Saturday, March 14, 2009


In an article about Lesslie Newbigin by Tim Safford in Christianity Today, where Newbigin is quoted saying:

"I also saw that quite a lot of evangelical Christianity can easily slip, can become centered in me and my need of salvation, and not . . . in the glory of God".

This self-focus is, in my view, the modern American idol. We look at idolotry as money or power or title, or position, but it ultimatly comes down to self. Safford write about Newbigin:

"As a young missionary, Newbigin regularly visited a Hindu monastery, its great hall "lined with pictures of the great religious figures of history, among them Jesus. Each year, on Christmas Day, worship was offered before the picture of Jesus. It was obvious to me as an English Christian," says Newbigin, "that this was an example of syncretism. Jesus had simply been co-opted into the Hindu world-view; that view was in no way challenged. It was only slowly that I began to see that my own Christianity had this syncretistic character, that I too had to some degree co-opted Jesus into the world-view of my culture." He saw this particularly when he studied the gospel accounts of evil spirits and realized that simple villagers understood them more readily than he."

We in this country have focused so much on self, that we have missed the Glory of God. This idolotry of self has focused on our need, or lacking, our sin, our choice and our free will. We have marginalized God in his glory, focusing on our need, our choice, our work in salvation. Newbigin stays:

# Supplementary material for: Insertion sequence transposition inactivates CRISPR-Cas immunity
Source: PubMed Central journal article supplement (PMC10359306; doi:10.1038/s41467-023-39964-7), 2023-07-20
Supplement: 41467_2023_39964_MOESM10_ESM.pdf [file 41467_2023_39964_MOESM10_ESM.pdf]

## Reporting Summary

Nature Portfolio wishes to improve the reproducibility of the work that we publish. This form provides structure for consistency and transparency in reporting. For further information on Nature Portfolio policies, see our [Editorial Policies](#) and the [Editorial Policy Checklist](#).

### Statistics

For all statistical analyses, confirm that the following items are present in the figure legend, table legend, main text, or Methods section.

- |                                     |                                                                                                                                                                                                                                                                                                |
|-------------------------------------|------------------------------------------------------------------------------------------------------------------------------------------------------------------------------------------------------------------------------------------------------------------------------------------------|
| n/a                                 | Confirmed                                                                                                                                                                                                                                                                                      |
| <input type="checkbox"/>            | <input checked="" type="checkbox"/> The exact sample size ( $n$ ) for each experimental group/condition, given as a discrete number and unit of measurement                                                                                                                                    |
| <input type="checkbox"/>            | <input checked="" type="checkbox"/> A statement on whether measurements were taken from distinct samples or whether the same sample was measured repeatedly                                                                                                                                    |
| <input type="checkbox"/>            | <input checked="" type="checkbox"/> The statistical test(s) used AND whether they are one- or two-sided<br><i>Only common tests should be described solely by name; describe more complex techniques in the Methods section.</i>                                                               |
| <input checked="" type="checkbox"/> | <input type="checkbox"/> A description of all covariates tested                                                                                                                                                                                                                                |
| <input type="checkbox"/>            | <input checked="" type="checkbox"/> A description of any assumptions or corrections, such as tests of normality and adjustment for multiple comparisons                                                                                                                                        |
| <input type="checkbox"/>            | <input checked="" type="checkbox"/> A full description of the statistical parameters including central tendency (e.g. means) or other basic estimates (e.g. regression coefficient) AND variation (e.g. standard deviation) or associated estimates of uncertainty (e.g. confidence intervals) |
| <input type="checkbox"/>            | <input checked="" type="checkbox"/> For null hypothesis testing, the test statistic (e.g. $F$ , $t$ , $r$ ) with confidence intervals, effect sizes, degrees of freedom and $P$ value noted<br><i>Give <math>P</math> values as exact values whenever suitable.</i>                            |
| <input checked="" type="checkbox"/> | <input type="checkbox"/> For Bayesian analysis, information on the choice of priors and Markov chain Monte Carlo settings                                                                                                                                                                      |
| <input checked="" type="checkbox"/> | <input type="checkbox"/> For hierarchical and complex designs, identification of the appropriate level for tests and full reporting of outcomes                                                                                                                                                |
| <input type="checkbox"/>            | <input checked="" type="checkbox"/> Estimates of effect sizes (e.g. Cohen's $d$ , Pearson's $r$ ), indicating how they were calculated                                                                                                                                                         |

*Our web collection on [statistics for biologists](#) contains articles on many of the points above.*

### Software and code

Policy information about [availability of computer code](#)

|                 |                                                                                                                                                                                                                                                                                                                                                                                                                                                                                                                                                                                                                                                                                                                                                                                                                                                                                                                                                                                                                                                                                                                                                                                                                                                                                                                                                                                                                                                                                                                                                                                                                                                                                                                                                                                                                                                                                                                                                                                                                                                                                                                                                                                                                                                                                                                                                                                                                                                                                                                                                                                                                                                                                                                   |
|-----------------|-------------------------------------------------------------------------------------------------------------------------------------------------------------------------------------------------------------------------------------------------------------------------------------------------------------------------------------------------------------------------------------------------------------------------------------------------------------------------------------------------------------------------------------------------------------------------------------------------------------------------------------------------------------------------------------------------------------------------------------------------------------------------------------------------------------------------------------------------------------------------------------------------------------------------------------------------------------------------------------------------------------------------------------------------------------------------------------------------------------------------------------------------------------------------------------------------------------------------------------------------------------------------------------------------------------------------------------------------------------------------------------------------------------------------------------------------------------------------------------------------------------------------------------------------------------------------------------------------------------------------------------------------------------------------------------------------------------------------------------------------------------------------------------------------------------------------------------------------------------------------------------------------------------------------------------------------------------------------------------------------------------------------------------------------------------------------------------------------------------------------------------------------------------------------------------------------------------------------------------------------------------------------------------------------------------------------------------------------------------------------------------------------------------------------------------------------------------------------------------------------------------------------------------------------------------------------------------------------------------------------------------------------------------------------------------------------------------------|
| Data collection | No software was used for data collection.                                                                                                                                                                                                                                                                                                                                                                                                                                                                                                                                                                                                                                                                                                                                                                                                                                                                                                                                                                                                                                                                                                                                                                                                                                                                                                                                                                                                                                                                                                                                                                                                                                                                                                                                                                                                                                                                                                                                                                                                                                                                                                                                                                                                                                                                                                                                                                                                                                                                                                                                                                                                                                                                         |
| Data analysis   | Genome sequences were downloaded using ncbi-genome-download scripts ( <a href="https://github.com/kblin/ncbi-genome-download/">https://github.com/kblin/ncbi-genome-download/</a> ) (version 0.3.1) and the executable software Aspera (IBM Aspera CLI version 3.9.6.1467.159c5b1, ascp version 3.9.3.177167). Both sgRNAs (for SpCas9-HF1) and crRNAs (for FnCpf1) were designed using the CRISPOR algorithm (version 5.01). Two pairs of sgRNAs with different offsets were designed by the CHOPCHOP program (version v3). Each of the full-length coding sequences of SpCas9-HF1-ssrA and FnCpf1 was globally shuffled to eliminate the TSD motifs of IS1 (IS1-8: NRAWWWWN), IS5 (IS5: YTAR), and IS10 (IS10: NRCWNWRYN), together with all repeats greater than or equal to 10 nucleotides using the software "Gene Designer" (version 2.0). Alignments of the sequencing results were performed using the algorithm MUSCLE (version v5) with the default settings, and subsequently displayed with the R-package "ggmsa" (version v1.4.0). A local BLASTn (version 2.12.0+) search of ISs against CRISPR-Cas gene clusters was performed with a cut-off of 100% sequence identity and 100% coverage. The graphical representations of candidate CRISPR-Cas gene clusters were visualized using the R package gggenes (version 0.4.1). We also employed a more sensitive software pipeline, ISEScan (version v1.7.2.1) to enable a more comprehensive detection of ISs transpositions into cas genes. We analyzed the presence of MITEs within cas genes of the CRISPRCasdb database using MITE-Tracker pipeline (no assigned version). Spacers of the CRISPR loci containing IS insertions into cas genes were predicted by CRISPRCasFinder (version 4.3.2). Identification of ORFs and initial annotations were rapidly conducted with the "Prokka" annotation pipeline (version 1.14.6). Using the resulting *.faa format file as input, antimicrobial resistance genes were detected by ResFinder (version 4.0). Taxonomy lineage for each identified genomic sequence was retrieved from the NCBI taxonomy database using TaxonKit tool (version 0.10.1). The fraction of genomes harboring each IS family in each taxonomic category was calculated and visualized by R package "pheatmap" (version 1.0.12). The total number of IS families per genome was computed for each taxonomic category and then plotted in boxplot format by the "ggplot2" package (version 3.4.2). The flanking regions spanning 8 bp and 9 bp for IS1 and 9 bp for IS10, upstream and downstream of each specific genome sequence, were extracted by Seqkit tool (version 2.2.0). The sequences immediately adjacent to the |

"I suddenly saw that . . . someone could use all the language of evangelical Christianity, and yet the center was fundamentally the self, my need of salvation. And God is auxiliary to that."

Does that sound familiar? Newbigin goes on to say that in his missionary work, he stopped talking about sin and need for salvation, but focused primarily on God. I am not sure I am comfortable going to that level, but I do acknowledge that we are focused and concerned primarily about self. Our focus of salvation is for the individual being saved, and not for the Glory of God. Is it any wonder we are not seeing the power of the Spirit poured out? We so often give credit for a program, church, or individual who leads that person to faith. We congratulate the person on making a good choice, but ultimately are worshiping the pagan god of self, and not giving Glory to God.

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